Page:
Stock up on popcorn, the show has only just begun.

elkern

I'd have more confidence in the reporting if I could match it up better with what I can see in Google Maps/Earth.

The only two satellite pictures I've seen of "burning oil plants" disticntly show a large plume of black smoke centered a little ways away from the actual refinery area, in some kind of rectangular area outside the actual "plant". Are those wellheads burning? or adjacent underground storage? or what?

And the pictured of a burning plant labeled "Haradh Gas Plant" is actually (according to Google Maps & my eyeballs) the Hawiyah Gas Plant, about 60 miles NNE of Haradh.

In Google Maps/Earth, the Abqaiq facility is on the East side of the city/town of Buquaiq, and the details match the recent pix. The plume lines up with an empty square patch of desert at the end of a pipeline running SSE out of the plant.

I've looked all around Khurais, and haven't found anything which could possibly be the "Oil/Gas Infrastructure at Khurais", as the pictures of the damaged facility there are labeled.

Google Earth is big fun.

Johnb

There is a huge sea water desalination plant not far away that provides all the treated water via pipeline for injection into the oil reservoirs to improve recovery of oil. Target that and not only have you already impacted the processing of the oil produced but would then impact the total volume of oil available for processing. I can see no happy ending short of negotiation between interested parties. MBZ looks to have already reached that conclusion in respect of the UAE. what will be the self preservation response for the House of Saud

Johnb

Your point TTG was nicely illustrated in b’s video of the Russian guy building in his workshopa turbofan engine that flew . Providing there is a set of plans it can be constructed and it only has to have a one time reliability.
Evidence for what delivered the strike will be found within the complex and there will be a lot of skills on the ground looking for those answers. The projectiles that struck the spheres looked to have had penetrating qualities rather than high explosive, putting a hole in a pressure vessel is sufficient to destroy its usefulness. I would be interested to know if the projectiles that struck the train were explosive to maximise damage there. Do we need to be considering what could deliver multiple targeted projectiles or were there simply multiple independent units or some combination as there were more strikes logged over two target complexes than the ten delivery platforms mentioned in the Al Ansar press release. Was there a flight controller and if so where were they located also comes to mind.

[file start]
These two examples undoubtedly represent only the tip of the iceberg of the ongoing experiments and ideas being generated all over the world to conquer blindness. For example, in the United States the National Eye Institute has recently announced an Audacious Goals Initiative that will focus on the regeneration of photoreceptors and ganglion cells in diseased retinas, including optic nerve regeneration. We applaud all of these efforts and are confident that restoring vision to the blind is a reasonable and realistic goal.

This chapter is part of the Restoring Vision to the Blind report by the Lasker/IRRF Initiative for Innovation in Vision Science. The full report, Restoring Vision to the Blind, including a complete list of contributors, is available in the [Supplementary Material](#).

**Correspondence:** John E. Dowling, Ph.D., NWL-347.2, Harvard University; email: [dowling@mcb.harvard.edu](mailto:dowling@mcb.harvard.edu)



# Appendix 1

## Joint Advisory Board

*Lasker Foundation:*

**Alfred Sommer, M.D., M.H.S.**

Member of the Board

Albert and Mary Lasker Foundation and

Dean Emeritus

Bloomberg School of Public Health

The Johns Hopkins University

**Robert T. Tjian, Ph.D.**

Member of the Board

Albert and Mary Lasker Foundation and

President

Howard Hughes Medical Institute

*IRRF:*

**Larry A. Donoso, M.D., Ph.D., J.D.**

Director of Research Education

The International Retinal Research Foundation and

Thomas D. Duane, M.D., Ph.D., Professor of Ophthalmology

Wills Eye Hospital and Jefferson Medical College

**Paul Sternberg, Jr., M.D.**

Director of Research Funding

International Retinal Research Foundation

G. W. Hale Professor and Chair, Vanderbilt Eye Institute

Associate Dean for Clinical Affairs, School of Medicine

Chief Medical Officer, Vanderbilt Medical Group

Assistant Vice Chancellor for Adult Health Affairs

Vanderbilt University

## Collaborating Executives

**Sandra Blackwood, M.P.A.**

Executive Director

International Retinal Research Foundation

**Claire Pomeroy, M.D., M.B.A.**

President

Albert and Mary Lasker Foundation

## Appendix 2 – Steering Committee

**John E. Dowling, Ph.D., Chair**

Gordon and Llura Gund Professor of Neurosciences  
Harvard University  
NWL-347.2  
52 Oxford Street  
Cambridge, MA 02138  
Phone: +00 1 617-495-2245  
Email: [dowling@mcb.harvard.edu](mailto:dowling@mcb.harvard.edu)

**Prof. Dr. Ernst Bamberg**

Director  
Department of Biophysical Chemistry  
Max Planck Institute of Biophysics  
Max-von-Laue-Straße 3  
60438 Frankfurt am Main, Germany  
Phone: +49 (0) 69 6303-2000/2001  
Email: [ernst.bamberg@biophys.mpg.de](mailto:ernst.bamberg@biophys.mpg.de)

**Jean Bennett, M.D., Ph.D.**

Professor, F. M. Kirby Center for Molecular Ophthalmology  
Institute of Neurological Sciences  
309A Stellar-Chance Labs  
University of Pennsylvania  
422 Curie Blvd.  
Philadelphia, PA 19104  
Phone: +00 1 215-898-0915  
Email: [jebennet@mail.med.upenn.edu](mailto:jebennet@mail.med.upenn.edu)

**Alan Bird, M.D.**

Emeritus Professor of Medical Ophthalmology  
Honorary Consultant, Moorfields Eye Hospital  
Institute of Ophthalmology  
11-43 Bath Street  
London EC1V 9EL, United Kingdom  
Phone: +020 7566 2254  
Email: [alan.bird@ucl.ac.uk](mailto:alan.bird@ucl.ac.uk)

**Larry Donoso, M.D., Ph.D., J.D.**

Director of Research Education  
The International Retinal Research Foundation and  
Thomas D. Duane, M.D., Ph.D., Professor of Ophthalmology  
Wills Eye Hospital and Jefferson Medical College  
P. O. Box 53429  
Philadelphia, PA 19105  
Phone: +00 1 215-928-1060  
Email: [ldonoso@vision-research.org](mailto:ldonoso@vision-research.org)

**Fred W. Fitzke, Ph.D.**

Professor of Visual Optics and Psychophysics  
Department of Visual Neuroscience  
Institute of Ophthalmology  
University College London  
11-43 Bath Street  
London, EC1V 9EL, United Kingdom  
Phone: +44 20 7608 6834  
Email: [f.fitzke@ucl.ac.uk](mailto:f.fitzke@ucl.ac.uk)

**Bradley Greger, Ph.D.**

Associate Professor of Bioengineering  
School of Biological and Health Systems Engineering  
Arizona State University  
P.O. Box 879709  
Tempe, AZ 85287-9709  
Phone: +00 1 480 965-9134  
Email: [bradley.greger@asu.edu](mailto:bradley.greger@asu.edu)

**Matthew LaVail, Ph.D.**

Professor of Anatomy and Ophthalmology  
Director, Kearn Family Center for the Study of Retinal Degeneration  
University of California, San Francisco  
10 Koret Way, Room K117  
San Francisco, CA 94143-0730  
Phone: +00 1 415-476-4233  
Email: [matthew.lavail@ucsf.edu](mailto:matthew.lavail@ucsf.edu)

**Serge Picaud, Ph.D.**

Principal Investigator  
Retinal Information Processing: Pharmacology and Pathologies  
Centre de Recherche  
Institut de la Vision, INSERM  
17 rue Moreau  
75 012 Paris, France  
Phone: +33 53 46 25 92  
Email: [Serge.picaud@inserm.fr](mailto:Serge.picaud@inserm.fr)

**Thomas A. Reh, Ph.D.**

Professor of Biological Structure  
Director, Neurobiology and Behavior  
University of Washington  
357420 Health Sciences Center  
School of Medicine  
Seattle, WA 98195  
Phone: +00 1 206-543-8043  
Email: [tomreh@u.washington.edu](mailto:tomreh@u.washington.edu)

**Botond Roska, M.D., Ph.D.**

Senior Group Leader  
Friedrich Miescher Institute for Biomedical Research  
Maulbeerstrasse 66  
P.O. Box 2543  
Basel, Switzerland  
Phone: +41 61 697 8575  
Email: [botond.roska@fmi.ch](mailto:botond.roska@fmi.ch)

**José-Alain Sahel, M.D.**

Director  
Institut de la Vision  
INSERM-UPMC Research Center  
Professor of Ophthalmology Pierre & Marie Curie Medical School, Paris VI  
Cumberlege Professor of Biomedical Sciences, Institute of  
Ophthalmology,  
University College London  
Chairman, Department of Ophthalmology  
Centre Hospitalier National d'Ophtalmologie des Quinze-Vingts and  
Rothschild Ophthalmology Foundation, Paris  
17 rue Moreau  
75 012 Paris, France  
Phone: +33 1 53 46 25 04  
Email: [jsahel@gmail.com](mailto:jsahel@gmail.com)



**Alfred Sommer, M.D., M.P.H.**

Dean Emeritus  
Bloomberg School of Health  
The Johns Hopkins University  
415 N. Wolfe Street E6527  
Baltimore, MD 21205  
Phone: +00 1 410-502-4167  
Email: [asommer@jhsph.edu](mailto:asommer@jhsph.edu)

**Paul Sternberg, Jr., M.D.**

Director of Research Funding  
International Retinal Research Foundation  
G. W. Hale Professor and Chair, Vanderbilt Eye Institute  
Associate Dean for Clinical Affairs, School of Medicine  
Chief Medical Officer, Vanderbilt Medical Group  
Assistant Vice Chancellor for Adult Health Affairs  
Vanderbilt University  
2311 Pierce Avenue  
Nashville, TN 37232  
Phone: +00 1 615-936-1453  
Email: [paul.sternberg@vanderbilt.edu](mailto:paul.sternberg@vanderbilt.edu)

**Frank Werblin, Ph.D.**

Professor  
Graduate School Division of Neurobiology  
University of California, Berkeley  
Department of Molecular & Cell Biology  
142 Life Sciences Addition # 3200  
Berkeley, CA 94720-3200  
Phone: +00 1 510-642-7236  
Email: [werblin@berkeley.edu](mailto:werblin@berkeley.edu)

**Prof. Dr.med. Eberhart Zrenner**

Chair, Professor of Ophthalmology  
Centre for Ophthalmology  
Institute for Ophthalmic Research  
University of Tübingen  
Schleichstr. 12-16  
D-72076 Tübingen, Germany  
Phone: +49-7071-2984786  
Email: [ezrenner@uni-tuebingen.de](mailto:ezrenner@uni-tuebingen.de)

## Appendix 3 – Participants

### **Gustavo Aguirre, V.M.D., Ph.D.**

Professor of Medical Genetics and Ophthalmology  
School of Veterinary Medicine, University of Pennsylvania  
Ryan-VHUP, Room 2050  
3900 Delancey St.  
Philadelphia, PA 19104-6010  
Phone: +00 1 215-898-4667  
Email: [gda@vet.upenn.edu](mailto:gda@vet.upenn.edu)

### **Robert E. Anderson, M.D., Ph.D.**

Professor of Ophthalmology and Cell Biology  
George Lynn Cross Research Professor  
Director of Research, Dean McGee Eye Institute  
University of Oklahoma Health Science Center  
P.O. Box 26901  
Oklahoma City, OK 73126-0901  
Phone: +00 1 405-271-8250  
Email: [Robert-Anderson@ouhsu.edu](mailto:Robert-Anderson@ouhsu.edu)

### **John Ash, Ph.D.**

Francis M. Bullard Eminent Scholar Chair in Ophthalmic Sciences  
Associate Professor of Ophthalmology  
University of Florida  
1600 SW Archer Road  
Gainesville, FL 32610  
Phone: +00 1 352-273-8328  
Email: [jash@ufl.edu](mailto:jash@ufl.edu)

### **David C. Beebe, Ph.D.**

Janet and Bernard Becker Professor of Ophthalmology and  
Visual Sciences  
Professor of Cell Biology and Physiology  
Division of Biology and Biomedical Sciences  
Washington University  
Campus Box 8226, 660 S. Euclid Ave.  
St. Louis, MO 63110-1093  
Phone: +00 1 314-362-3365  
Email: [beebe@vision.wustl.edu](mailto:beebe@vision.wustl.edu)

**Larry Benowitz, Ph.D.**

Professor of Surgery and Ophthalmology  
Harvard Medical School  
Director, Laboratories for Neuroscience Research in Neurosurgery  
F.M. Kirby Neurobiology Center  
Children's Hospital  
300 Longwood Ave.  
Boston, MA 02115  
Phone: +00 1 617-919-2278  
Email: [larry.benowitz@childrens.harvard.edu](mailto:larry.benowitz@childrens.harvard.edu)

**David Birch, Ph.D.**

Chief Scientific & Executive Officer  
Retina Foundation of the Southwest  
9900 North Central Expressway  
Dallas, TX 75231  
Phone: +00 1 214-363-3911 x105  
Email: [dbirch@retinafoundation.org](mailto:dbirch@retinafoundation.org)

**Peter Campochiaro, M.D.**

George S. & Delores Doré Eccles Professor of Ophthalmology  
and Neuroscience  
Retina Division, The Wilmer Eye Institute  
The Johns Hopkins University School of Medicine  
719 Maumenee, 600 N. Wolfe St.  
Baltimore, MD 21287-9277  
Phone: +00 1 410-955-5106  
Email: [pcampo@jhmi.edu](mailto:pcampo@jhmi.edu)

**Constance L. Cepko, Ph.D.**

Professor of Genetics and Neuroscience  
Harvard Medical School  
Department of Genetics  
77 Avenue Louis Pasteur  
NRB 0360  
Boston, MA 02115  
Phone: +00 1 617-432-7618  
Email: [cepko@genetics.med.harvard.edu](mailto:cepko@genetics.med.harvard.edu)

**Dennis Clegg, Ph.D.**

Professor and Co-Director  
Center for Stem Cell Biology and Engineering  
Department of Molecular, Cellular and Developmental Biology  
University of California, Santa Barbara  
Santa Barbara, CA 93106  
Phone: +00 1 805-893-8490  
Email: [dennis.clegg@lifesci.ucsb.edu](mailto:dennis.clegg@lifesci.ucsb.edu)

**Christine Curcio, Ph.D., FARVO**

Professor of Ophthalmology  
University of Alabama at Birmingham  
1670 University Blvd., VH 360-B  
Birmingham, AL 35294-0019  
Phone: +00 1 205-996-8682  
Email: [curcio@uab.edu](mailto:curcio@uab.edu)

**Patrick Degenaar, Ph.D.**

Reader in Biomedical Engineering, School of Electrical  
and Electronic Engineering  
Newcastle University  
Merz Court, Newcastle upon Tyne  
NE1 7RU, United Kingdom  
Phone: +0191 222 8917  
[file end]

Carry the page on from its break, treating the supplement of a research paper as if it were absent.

Robert  Waddell

All..
Using my CAD and graphic tools and Google Earth along with the photo showing the four perforated pressure tanks, I have estimated the four vectors as:
E1 280W. E2 279W, E3 281W and E4 273W. I have numbered the tanks from the most eastwards (the furthermost away in the photo). Angles from true north (0/360 deg). This averages as 278N with a STDEV of 3 degrees. Its almost due west. Must be very difficult for autopilots (or real pilots) could perform more than one group-turning maneuver and still maintain final-run accuracy to what was achieved.
p.s. I'm not specialist in this field apart from terrestrial navigation and drafting experience.
RobW

Adrestia

I was looking at the engine. The Quds 1 is powered by a TJ100 built in the Czech republic.
https://www.pbsaerospace.com/our-products/tj-100-turbojet-engine


There is also the TJ200 built bij Polaris from Brazil with the following description:

"Turbine TJ200
TJ200 was specially designed to be used in either small cruise missiles or small high performance UAVs. The most important advantage of TJ200 engine is small diameter and a relatively low SFC (Specific Fuel Consumption) when compared to other engines of the same thrust, what makes TJ200 perfect to be used in long range small missiles."
http://www.polaristec.com.br/products.html

That's a pretty specific description. So there are a number of COTS engines out there.

Adrestia

The Czech company which produces the TJ100 does have strong links with Iran.

"2005 TPP Iranshahr Iran, the largest project in the company's history, a turnkey project - four power plant units."

But then again. Creating a crash site in the desert with some COTS components in it is also easy to do. I would be surprised if Iran is launching missiles now. That would be pretty stupid to do.

jonst